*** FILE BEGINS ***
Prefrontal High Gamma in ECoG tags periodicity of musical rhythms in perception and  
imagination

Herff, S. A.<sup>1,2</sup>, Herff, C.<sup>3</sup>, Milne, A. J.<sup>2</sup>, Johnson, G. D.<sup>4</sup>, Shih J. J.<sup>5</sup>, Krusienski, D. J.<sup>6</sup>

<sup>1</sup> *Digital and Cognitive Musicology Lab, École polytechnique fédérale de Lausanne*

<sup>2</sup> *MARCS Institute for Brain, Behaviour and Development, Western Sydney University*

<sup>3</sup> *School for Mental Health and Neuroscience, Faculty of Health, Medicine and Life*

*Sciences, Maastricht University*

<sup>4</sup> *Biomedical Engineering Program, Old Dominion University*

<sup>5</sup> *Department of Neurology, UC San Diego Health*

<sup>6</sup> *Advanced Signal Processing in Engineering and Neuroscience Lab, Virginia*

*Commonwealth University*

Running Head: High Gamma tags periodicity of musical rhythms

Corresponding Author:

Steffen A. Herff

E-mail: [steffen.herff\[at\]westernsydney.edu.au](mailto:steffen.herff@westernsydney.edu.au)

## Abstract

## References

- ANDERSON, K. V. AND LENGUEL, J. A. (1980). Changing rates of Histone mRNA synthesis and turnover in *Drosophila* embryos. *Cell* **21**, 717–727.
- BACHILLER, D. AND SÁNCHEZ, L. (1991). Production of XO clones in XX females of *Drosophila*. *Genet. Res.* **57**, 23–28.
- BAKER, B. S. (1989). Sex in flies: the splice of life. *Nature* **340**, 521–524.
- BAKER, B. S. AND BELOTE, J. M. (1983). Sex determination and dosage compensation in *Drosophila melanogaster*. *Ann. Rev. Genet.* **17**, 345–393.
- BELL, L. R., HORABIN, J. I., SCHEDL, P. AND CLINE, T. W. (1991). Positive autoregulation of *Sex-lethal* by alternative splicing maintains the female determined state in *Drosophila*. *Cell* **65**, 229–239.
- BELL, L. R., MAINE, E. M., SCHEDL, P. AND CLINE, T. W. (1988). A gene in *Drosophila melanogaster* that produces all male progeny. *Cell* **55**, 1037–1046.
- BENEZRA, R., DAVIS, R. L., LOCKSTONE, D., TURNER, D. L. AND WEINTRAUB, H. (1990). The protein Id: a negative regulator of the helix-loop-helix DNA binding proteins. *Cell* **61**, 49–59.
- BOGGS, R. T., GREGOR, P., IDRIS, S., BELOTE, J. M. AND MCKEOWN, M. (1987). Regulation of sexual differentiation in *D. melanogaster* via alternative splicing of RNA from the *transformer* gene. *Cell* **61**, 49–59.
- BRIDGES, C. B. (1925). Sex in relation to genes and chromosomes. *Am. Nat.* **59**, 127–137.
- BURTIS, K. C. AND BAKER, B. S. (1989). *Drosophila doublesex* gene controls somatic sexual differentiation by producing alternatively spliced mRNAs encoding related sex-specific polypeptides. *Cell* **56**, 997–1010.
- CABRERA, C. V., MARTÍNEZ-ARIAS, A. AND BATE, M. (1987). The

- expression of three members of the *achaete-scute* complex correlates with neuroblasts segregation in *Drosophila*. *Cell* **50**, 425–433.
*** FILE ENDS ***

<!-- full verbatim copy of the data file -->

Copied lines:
Prefrontal High Gamma in ECoG tags periodicity of musical rhythms in perception and  
imagination

Herff, S. A.<sup>1,2</sup>, Herff, C.<sup>3</sup>, Milne, A. J.<sup>2</sup>, Johnson, G. D.<sup>4</sup>, Shih J. J.<sup>5</sup>, Krusienski, D. J.<sup>6</sup>

<sup>1</sup> *Digital and Cognitive Musicology Lab, École polytechnique fédérale de Lausanne*

<sup>2</sup> *MARCS Institute for Brain, Behaviour and Development, Western Sydney University*

<sup>3</sup> *School for Mental Health and Neuroscience, Faculty of Health, Medicine and Life*

*Sciences, Maastricht University*

<sup>4</sup> *Biomedical Engineering Program, Old Dominion University*

<sup>5</sup> *Department of Neurology, UC San Diego Health*

<sup>6</sup> *Advanced Signal Processing in Engineering and Neuroscience Lab, Virginia*

*Commonwealth University*

Running Head: High Gamma tags periodicity of musical rhythms

Corresponding Author:

Steffen A. Herff

E-mail: [steffen.herff\[at\]westernsydney.edu.au](mailto:steffen.herff@westernsydney.edu.au)

## Abstract

## References

- ANDERSON, K. V. AND LENGUEL, J. A. (1980). Changing rates of Histone mRNA synthesis and turnover in *Drosophila* embryos. *Cell* **21**, 717–727.
- BACHILLER, D. AND SÁNCHEZ, L. (1991). Production of XO clones in XX females of *Drosophila*. *Genet. Res.* **57**, 23–28.
- BAKER, B. S. (1989). Sex in flies: the splice of life. *Nature* **340**, 521–524.
- BAKER, B. S. AND BELOTE, J. M. (1983). Sex determination and dosage compensation in *Drosophila melanogaster*. *Ann. Rev. Genet.* **17**, 345–393.
- BELL, L. R., HORABIN, J. I., SCHEDL, P. AND CLINE, T. W. (1991). Positive autoregulation of *Sex-lethal* by alternative splicing maintains the female determined state in *Drosophila*. *Cell* **65**, 229–239.
- BELL, L. R., MAINE, E. M., SCHEDL, P. AND CLINE, T. W. (1988). A gene in *Drosophila melanogaster* that produces all male progeny. *Cell* **55**, 1037–1046.
- BENEZRA, R., DAVIS, R. L., LOCKSTONE, D., TURNER, D. L. AND WEINTRAUB, H. (1990). The protein Id: a negative regulator of the helix-loop-helix DNA binding proteins. *Cell* **61**, 49–59.
- BOGGS, R. T., GREGOR, P., IDRIS, S., BELOTE, J. M. AND MCKEOWN, M. (1987). Regulation of sexual differentiation in *D. melanogaster* via alternative splicing of RNA from the *transformer* gene. *Cell* **61**, 49–59.
- BRIDGES, C. B. (1925). Sex in relation to genes and chromosomes. *Am. Nat.* **59**, 127–137.
- BURTIS, K. C. AND BAKER, B. S. (1989). *Drosophila doublesex* gene controls somatic sexual differentiation by producing alternatively spliced mRNAs encoding related sex-specific polypeptides. *Cell* **56**, 997–1010.
- CABRERA, C. V., MARTÍNEZ-ARIAS, A. AND BATE, M. (1987). The

- expression of three members of the *achaete-scute* complex correlates with neuroblasts segregation in *Drosophila*. *Cell* **50**, 425–433.